Many residents from Alaska and Oregon will be saying “I’m on that good kush and alcohol” come 2016. Although 27 states and the District of Columbia either allow the medical use of cannabis, or decriminalized possession of small amounts of it only four states allow it to be used for recreational use.
Colorado celebrated its one year anniversary of allowing the recreational use of marijuana on Jan. 1. The state of Washington has also allowed recreational use of cannabis since June of 2014, and will soon be accompanied by Oregon and Alaska in 2016. Many of these states are beginning to allow the medical use and or the recreational use of cannabis because of the benefits that follow, both economic and social.
According to a November 2013 report from ArcView Market Research, a San Francisco-based investor group focused on the marijuana industry, the legal cannabis market was worth $1.53 billion in 2013 and in five years is predicted to be worth over $10 billion. According to the Huffington Post, after the first two months of legal recreational use in Colorado, $6.17 million dollars were collected in tax revenue. Of all the money to be gained by the legal sale of cannabis, Colorado has decided to give $40 million of its earnings towards the construction of public schools. As marijuana continues to bring in an increasing amount of money, why have other states not allowed cannabis to be used for recreational use?
According to NerdWallet, if all 50 states accepted legalization, they would bring in over $3 billion dollars in tax revenue, and the amount would continue to increase yearly. The annual revenue collected by these dispensaries is projected to reach anywhere from $10 to $15 billion by the year 2018. If California were to accept the recreational use, it would benefit the most economically, bringing in upwards of $519 million per year, while New York would would be second with $248 million.
In the recreational marijuana business, an ounce of marijuana can cost anywhere from $150 to $300. However, most customers never buy that much at once. The most common marijuana purchase is about an eighth of an ounce, costing anywhere from $25 to $45.
Colorado is able to benefit from the sale of legal cannabis as a result of the high tax that is imposed when buying marijuana. When buying an eighth of an ounce that costs $30, state taxes will add an additional $6, while a special Denver tax will add another $2.59. After all taxes are applied, the customer pays an additional 29 percent.
Allowing both the recreational use of cannabis and medical use of cannabis does not only bring in money for the states that allow it, but it also has the potential to create thousands of jobs for the residents of these states. As of April 2014, the legal cannabis market has created anywhere from 7,500 to 10,000 jobs for the people of Colorado, according to Michael Elliott, the Executive Director of the Marijuana Industry Group.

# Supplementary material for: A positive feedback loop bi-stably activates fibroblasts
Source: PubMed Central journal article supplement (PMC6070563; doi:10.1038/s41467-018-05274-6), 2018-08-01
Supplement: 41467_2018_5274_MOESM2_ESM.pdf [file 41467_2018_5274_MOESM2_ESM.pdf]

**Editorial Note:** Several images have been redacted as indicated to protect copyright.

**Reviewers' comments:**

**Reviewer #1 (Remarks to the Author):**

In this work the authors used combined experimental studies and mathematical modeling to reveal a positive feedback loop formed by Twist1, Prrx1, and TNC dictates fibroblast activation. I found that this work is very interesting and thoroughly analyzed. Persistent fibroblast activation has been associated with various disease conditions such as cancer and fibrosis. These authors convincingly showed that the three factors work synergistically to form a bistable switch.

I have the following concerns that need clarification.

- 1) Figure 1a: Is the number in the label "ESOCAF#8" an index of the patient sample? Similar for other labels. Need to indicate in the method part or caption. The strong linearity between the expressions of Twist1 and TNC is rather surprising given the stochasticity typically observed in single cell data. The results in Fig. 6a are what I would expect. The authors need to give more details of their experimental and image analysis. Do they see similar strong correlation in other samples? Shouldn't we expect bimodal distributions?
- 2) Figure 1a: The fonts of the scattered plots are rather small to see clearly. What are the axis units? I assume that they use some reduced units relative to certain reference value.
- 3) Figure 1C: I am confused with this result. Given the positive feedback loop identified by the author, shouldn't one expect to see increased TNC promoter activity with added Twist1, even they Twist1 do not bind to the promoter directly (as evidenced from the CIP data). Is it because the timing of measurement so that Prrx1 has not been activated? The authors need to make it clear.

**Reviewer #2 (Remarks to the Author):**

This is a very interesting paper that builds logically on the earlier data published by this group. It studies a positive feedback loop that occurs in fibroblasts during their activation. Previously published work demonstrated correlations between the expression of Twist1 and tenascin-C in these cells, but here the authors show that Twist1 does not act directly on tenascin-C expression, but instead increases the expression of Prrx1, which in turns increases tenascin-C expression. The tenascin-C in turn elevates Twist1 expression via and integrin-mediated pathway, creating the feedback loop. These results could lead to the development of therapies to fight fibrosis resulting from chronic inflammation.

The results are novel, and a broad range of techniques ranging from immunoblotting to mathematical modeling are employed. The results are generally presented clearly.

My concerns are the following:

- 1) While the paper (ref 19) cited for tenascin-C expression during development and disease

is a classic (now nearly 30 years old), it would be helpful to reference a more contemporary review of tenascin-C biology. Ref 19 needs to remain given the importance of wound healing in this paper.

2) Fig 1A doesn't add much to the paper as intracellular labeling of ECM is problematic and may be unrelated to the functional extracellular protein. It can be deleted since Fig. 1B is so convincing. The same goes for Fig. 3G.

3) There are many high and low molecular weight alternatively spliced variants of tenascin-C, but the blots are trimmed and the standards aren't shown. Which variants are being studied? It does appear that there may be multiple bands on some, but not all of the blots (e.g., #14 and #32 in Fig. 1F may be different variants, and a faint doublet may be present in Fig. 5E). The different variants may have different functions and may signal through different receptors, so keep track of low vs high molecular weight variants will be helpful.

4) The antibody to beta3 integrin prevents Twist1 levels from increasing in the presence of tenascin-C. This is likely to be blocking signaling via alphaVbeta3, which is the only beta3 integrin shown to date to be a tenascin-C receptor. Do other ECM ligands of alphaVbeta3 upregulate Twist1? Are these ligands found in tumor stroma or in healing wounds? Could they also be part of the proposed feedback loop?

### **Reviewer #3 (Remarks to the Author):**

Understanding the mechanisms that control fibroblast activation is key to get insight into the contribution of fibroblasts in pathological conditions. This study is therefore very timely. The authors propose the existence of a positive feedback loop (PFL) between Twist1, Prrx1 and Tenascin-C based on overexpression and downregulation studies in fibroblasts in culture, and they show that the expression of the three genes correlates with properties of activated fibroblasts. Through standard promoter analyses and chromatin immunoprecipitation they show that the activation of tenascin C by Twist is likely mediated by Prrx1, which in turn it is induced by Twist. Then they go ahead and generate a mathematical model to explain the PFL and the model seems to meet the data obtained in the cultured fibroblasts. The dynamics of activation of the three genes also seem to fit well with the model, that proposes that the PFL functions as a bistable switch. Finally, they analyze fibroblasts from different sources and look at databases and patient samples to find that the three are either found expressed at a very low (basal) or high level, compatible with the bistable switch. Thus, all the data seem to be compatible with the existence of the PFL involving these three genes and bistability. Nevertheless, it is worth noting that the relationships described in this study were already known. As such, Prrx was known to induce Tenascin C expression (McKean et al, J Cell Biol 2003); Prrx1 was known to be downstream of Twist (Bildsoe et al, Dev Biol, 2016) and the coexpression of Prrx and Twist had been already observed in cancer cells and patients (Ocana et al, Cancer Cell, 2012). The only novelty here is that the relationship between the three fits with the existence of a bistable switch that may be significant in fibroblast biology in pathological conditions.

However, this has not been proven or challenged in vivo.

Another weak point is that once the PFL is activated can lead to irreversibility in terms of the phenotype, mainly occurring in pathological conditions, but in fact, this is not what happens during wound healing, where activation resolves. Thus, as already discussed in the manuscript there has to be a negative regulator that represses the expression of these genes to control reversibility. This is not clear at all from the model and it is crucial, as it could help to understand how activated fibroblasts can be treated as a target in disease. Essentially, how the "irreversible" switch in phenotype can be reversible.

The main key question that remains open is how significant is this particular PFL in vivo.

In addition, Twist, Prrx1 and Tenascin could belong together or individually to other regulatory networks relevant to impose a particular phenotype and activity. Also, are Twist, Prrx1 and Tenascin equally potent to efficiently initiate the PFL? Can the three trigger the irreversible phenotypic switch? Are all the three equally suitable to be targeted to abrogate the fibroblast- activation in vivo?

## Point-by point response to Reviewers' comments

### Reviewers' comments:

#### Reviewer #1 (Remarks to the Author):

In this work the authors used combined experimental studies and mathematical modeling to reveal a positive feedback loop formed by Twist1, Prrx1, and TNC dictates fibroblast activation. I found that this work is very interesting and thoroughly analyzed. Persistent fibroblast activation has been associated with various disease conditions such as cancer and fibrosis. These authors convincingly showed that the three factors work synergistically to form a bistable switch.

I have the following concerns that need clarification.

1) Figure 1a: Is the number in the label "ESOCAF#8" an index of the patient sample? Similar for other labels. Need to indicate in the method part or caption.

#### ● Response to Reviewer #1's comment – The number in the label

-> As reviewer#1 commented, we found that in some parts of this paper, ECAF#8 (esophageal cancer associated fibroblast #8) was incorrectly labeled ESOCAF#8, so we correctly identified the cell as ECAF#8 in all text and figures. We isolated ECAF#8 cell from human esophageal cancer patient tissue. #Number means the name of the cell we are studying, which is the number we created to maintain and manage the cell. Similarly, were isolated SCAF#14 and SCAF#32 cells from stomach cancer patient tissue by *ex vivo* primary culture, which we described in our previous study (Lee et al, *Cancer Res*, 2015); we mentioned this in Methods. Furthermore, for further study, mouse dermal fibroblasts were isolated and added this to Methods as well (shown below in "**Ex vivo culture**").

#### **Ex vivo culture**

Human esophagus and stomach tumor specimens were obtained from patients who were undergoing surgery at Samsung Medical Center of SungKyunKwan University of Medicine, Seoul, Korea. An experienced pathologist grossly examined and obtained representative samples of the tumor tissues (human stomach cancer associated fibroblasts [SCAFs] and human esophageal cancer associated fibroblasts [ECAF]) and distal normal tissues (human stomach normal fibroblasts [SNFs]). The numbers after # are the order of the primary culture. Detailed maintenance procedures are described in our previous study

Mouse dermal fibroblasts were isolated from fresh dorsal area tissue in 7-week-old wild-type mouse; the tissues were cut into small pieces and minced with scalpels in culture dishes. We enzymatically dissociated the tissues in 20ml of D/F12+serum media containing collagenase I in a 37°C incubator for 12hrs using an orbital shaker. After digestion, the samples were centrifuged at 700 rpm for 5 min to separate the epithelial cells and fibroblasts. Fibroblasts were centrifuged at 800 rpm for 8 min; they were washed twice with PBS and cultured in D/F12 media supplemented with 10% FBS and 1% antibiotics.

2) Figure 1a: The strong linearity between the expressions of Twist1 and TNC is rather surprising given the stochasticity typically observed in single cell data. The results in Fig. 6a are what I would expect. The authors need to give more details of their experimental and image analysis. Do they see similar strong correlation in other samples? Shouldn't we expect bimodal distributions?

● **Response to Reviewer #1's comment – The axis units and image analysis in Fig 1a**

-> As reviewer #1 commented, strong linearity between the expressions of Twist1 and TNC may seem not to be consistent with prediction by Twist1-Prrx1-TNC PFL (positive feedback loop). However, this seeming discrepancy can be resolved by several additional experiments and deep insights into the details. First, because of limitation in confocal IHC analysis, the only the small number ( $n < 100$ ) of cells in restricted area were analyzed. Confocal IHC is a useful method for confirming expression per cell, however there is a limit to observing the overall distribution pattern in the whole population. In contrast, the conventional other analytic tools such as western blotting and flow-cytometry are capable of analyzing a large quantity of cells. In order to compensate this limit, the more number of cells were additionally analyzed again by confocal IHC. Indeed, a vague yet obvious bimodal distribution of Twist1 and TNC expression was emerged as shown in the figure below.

Another benefit that legal cannabis brings, if the experience of Colorado is anything to go by, is a decrease in crime and drug related arrests. Marijuana related arrests in the state of Colorado make up more than 50 percent of all drug related arrests, since legalization, the number of arrests related to the use of marijuana have plummeted.
This single reform has allowed local law enforcement agencies to focus on other issues within the state. By removing several of these marijuana penalties, Colorado has saved between $12 million and $40 million, according to the Colorado Center on Law and Policy.
Legalization of recreational marijuana has continued to gain public support since it became an issue. According to a Gallup Poll, in 1969, eight out of ten Americans opposed legalization. In 2010, when California voted on Proposition 19, which would have legalized marijuana, it garnered 47 percent support and was narrowly defeated by a 53 percent majority. Just three years later, in October of 2013, a Gallup Poll found that 58 percent of adults were in favor of legalizing marijuana.
Colorado, a state with similar approval concerning recreational use, allows its citizens over the age of 21 to buy no more than one ounce of cannabis per visit. One downside to the recreational use of cannabis is the lack of enforcement that follows. No law requires dispensaries to keep records of what their customers buy, and how much they buy. The one ounce limit is up to the customer to abide by. Nothing prevents customers from visiting multiple dispensaries, and purchasing one ounce at every store they visit.
Many people hop from one store to another, in the hopes of being able to accumulate enough marijuana to sell on the black market. Selling their legally bought cannabis on the black market in hopes of making some sort of profit is known as smurfing. Smurfing is something that many officials were worried about with the legalization of cannabis.
With clear economic benefits such as an increase of employment as well as a new market for taxation, the legalization of cannabis seems beneficial. However, the contrast of drawbacks such as poor regulation makes it a controversial proposition. It is up to the people of California to decide whether recreational marijuana use would be most advantageous, taking social and economic factors into account.